A new recruit to comic book geekdom, I recently spent some time familiarizing myself with the genre. I figured heroes were just people running around in costumes, beating up on bad guys. Turns out, there's a lot more to it. While I could probably write an entire thesis on the subject (possibly throwing in some more pretentious literary theory and critical analysis), the most important thing to understand is this:
There are three kinds of superheroes – those who are born, those who are made, and those who become. For those that haven't spent time researching the topic, here’s the breakdown...
1. Born Superheroes:
The first type of superhero involves those born with special abilities. They often come from other places, sympathizing with humanity despite their differences, and selflessly use their powers to protect the human race. The most common, and perhaps most celebrated example is Superman. Born Kal-El from planet Krypton, his abilities include super-strength and speed, flight and invulnerability. Like many heroes from this category, “Superman” is his true persona, human alias Clark Kent his disguise. Wonder Woman, the Amazonian princess, Thor, member of the Asgard race, and all the X-Men mutants also belong to this category.
Though I don’t discount their good deeds, I typically enjoy reading about this type of hero least. Some call Superman the best of his kind, but I find a hero defeated by one whiff of green kryptonite slightly overrated.
Exception: The X-Men are perhaps my favorite comic book series, and not included in my disinclination for “born” superheroes. Though gifted with powers upon birth, they share more in common with “made” superheroes. Born on earth, rather than aliens from a foreign land, they’re more human than others in this category, suffering in a society that detests their differences.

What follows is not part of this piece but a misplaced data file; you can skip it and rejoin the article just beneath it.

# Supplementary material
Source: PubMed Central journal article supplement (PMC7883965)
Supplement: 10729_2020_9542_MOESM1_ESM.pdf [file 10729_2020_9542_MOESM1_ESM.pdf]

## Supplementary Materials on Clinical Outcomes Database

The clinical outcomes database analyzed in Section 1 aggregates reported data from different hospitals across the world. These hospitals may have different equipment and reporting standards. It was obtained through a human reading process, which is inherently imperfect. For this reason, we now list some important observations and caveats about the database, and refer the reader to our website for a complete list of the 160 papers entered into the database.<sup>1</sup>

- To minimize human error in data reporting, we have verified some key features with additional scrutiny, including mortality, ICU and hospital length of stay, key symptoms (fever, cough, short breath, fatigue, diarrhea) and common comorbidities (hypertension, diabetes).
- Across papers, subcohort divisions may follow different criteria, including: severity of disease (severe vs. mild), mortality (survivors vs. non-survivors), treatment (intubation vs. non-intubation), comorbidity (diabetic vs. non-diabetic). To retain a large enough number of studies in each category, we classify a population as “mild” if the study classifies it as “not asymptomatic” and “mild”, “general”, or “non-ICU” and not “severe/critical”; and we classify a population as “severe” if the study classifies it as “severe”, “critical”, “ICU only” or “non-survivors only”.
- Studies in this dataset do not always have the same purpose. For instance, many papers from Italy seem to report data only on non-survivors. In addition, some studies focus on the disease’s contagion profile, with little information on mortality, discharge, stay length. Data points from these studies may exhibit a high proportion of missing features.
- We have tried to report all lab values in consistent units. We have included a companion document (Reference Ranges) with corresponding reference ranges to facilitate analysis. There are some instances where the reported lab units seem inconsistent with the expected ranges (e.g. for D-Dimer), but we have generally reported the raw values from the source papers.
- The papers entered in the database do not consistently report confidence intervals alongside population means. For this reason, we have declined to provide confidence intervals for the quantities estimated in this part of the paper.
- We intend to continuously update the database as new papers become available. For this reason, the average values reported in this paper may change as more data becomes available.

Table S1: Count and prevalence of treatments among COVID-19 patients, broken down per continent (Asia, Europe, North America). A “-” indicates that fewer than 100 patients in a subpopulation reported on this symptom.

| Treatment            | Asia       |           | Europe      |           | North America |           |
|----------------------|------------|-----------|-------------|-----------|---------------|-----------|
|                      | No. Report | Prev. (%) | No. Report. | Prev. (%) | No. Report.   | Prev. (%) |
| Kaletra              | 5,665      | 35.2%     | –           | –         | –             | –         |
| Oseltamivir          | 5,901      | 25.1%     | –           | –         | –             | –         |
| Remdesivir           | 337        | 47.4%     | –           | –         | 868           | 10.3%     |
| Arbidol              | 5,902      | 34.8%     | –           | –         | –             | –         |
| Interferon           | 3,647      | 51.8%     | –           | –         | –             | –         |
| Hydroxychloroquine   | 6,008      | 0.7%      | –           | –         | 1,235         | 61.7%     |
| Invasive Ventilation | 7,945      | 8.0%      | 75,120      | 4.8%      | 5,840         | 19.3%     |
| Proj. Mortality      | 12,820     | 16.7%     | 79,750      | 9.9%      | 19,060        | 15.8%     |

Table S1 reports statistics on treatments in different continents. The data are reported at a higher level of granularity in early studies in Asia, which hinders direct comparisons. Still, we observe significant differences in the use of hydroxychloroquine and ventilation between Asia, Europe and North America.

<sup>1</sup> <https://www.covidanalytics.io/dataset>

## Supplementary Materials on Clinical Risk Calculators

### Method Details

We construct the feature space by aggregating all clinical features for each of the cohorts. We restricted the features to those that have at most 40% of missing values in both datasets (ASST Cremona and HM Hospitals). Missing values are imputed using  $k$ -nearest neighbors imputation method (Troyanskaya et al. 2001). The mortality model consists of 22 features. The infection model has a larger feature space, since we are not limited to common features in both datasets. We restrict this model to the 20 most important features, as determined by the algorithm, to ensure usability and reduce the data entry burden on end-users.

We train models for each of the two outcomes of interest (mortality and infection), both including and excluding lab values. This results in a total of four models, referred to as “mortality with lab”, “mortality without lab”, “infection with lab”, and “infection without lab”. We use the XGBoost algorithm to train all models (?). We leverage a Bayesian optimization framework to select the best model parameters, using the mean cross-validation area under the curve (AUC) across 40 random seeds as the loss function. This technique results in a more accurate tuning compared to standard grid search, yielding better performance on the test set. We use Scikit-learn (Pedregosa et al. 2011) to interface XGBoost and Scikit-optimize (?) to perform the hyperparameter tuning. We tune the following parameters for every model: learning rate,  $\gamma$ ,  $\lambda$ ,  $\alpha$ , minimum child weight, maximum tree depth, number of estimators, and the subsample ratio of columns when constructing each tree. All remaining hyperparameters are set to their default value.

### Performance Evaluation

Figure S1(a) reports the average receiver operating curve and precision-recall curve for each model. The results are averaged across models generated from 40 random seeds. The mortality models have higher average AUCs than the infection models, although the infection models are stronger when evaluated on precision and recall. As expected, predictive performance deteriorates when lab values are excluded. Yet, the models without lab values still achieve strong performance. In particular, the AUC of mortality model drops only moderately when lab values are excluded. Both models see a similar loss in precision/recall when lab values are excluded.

2. Made Superheroes:
The second category depicts regular human beings who become superheroes after their DNA is altered in some way. Peter Parker for example, bitten by a radioactive spider and given his “spidy” sense. Or Bruce Banner, hit with a high dose of gamma radiation and transformed into The Hulk. Even the Fantastic Four team, altered by cosmic rays. These characters deal with a whole host of problems as they grapple with the aftereffect of their transformation, from the loss of their old lives to their new roles as superheroes. Though often resentful of their obligation to protect humanity, they nevertheless follow the sage wisdom of Peter’s Uncle Ben (“With great power, comes great responsibility”) and continue defending mankind.
As previously mentioned, I much prefer “made” superheroes to “born”. Having my own fears of radiation and cosmic rays (they say the ozone layer’s disintegrating right? It could happen), I find their struggle more interesting and easier to identify with. Like going through puberty, radioactive mutation is never easy.
3. Becoming a Superhero:
The third and final category covers humans with no powers or magic abilities, but become superheroes by turning their own strengths into superpowers. The two most recognizable are Iron Man and Batman – Batman uses his financial situation and desire for justice/vengeance to drive him to heroism, while Iron Man utilizes his incredible cunning.
Personally I find this the most interesting type of superhero. First, because they must overcome their human weakness in order to rise as superheroes. And second because if I were to become a superhero, this is how I’d accomplish it. Step 1 – get rich. Step 2 – use my superbrain to invent a special suit that allows me to fly. Step 3 – find a few bad guys and kick butt.